Student protests: Met chief warns of new era of unrest


Sir Paul Stephenson says ‘game has changed’ as tuition fees campaign gathers momentum

Paul Lewis, Matthew Taylor and Patrick Wintour


Police hold protesters back during a demonstration against tuition  fee rises and funding cuts
Police hold protesters back during a mass demonstration in London against tuition fee rises and funding cuts. Photograph: Dan Kitwood/Getty Images

Britain’s most senior police officer warned today of a new era of civil unrest as the national campaign against university fee increases and education cuts gathered momentum.
Sir Paul Stephenson, the commissioner of the Metropolitan police, said the two large-scale student demonstrations of the past fortnight had been marred by a previously unseen level of violence, adding: “The game has changed.”
His comments were seized on by critics, who said the hard-line rhetoric risked escalating tensions with students organising the nationwide grassroots campaign against education cuts.
Meanwhile, protesters today occupied 16 university campus buildings around the country. Six of the occupations – in Manchester, Newcastle, Leeds, Plymouth, Edinburgh and London – were expected to continue through the night. The Southwark and Bermondsey constituency office of Simon Hughes, the Liberal Democrat deputy leader, was also occupied by around 30 students from the London School of Economics.
More demonstrations are planned for the next month. More than 11,000 students have signed up to another wave of classroom walkouts and marches planned for next Tuesday. The demonstration will coincide with a Commons debate staged by Labour in a bid to expose Lib Dem divisions over the coalition’s plans to dramatically increase tuition fees.
Hughes said today that he had not yet decided how he would vote, but that he was willing to meet students this weekend to discuss it. He told Young Voters’ Question Time on BBC Three this week that he would “like to vote against”, and was deliberating with other colleagues whether to do that or abstain.
Gareth Thomas, the Labour higher education spokesman, said: “Parliament is about to be asked to vote to make British universities some of the most expensive and worst funded worldwide without being allowed to consider in full, through a white paper, how the government’s plans are supposed to work for students and their families. Too many questions remain unanswered.”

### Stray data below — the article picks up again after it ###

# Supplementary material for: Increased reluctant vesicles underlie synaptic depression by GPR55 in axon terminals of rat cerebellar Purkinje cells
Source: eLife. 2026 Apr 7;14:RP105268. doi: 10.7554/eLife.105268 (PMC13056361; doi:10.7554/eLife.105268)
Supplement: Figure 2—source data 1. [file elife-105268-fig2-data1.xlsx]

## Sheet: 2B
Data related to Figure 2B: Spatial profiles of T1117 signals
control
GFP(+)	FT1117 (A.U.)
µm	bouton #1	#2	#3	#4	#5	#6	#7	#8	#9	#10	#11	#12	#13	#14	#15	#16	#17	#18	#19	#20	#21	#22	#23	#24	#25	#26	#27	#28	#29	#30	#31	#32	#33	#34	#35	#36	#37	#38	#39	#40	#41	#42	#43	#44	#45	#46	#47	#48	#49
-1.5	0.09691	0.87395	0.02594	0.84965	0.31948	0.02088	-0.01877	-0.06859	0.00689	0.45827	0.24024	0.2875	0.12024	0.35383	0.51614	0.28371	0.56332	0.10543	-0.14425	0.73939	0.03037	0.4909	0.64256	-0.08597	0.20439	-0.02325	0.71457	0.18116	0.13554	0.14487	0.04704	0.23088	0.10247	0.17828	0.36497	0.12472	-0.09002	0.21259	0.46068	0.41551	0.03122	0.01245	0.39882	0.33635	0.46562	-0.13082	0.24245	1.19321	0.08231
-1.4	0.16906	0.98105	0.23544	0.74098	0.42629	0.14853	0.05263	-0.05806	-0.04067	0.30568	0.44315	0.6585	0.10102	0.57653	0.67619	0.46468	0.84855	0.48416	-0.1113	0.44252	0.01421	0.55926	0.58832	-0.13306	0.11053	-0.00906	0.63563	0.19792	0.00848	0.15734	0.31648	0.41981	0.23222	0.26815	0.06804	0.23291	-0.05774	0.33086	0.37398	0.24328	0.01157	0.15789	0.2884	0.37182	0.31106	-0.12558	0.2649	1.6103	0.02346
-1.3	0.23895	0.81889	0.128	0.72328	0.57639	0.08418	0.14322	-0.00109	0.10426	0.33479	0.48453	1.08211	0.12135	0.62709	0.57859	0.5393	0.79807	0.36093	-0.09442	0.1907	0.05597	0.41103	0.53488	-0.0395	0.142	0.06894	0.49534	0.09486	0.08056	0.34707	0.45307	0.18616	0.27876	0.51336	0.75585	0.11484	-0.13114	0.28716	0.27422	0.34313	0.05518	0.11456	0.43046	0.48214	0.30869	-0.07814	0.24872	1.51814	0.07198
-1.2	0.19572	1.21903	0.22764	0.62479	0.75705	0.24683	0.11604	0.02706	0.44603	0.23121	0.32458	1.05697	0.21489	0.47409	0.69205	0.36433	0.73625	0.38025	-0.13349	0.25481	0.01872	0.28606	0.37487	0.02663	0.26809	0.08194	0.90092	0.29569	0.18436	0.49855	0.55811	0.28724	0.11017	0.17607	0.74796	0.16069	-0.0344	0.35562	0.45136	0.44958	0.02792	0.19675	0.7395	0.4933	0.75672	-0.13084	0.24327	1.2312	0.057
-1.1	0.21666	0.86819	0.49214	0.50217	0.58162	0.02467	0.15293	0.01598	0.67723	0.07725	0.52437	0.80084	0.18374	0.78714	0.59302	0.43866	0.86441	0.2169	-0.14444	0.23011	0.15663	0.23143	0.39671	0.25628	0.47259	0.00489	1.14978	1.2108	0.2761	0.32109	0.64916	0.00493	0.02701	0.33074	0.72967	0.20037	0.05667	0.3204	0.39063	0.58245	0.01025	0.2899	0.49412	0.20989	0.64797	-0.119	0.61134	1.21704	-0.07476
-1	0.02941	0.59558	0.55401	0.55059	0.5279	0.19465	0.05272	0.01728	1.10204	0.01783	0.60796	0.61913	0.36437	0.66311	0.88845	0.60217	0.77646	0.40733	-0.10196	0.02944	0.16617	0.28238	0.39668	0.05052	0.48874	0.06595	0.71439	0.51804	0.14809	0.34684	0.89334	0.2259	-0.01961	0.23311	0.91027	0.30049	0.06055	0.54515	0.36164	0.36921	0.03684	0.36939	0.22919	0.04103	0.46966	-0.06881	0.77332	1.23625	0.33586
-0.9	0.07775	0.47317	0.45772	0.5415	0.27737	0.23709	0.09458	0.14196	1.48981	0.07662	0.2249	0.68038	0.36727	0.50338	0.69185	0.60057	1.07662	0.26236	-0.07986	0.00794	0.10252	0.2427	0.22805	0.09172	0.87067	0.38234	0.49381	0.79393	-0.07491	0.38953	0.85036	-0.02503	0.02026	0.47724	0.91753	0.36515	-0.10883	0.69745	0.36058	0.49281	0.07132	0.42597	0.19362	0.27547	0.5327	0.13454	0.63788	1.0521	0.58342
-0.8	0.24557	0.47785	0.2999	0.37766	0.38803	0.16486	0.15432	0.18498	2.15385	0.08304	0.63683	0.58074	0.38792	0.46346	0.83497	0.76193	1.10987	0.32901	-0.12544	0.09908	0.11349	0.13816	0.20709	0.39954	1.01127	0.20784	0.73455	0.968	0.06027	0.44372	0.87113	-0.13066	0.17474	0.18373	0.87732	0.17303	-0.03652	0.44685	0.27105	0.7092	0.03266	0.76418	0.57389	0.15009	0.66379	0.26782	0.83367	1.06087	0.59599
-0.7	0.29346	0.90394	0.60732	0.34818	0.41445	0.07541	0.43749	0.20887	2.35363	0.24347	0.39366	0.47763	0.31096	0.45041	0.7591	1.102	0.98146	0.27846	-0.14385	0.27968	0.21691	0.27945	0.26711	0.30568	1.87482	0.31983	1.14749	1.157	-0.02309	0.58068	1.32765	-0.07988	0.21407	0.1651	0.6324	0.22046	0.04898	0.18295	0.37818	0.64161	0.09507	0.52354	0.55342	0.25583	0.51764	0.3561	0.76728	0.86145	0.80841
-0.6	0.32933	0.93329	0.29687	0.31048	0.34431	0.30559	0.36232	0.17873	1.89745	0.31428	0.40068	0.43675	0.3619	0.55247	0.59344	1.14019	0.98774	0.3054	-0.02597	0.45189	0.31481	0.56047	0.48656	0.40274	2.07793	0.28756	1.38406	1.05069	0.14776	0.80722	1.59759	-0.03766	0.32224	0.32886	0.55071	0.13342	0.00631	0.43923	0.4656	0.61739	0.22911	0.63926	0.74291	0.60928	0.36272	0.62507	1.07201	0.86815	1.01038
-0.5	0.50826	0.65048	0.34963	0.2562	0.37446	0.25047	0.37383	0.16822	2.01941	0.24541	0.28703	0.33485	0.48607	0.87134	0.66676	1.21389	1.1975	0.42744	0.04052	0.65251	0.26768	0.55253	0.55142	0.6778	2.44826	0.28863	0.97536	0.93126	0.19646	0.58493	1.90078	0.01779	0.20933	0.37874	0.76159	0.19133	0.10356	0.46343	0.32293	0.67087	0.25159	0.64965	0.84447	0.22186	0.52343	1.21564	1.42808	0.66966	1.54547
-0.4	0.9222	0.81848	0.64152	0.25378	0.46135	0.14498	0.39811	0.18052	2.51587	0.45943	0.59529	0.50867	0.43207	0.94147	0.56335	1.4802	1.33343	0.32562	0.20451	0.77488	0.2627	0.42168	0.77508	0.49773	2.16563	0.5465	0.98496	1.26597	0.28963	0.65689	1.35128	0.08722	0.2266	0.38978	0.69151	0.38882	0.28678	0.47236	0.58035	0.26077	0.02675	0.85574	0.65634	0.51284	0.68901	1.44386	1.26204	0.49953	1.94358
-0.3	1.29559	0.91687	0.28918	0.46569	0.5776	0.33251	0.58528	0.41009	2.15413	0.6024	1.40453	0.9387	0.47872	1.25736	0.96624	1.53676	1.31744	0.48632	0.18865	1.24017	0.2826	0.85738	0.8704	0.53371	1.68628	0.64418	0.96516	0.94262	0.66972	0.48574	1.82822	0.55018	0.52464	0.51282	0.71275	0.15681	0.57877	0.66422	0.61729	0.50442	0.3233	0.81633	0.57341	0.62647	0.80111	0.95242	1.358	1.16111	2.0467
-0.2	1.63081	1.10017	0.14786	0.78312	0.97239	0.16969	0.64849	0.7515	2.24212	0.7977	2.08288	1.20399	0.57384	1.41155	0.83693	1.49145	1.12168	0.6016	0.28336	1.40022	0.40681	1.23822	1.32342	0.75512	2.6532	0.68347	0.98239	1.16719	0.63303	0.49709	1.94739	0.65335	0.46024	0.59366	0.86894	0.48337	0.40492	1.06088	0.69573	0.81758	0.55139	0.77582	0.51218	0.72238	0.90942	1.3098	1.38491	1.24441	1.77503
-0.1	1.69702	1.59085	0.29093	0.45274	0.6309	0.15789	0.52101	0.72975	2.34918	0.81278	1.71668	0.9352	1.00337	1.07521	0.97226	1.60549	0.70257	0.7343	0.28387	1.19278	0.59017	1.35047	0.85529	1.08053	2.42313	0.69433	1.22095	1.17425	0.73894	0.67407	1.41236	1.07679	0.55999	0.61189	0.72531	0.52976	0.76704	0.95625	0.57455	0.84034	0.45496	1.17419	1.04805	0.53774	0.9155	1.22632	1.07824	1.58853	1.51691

Stephenson made his comments at a meeting of London’s Metropolitan Police Authority (MPA). He said that the demonstrations had been characterised by outbreaks of violence that were not typical of student protests, and he conceded police were unprepared during a march on 10 November. But he said large numbers of riot police had successfully contained disorderyesterday . In total, 109 students have been arrested in connection with public disorder this month, suggesting a scale of student unrest unseen in decades.
“We have been going through a period where we have not seen that sort of violent disorder,” Stephenson said. “We had dealt with student organisers before and I think we based it too much on history. If we follow an intelligence-based model that stops you doing that. Obviously you realise the game has changed. Regrettably, the game has changed and we must act.”
In recent years the Met had reduced the numbers of officers deployed to tackle demonstrations, he said. “Regrettably, we are going to have to review that. We are going to have to take a more cautious approach.”
Andrew Dismore, a former Labour MP who last year chaired an influential parliamentary inquiry into the policing of protests, said the commissioner’s comments had been misguided. “I don’t think the game has changed,” he said. “The basic principles on how to police protest will be the same.” Dismore questioned the tactic of containing schoolchildren within a “kettle”, an area enclosed by police, and said Stephenson should resist using language that could inflame unrest.
“There is always a risk [that talk of disorder] becomes a self-fulfilling prophecy,” he added. “He should be trying to de-escalate problems, not escalate them. The way to do that is to say he made a mistake at the demonstration outside the Tory party central office [on 10 November]. But that isn’t then an excuse for overkill the next time protest comes along.”
Dismore was backed by Aaron Porter, the National Union of Students’ president, who said: “I would very much hope that the actions of a very small minority do not lead to an undermining of the public’s right to protest peacefully.”
Michael Chessum, a co-founder of the National Campaign Against Fees and Cuts, the group that called yesterday’s day of action, also rejected Stephenson’s comments. “It is the kind of policing we saw on Wednesday that creates disorder,” he said. “If you refuse to allow people, many of them young, first-time protesters, the right to walk down the streets of their own capital city, and then ‘kettle’ them in Whitehall for eight or nine hours, people are going to get frustrated.” He added that the vast majority of people on both demonstrations behaved peacefully.
Stephenson was also questioned by members of the MPA over the tactic of containing schoolchildren for several hours in freezing temperatures. “When you imprison thousands of people, which is essentially what you did yesterday, you do have a duty of care to them,” said Jenny Jones, a representative from the Green party. “You kept people for nine-and-a-half hours. You punished innocent people for going on a protest. How can that be right? I just do not see it.”

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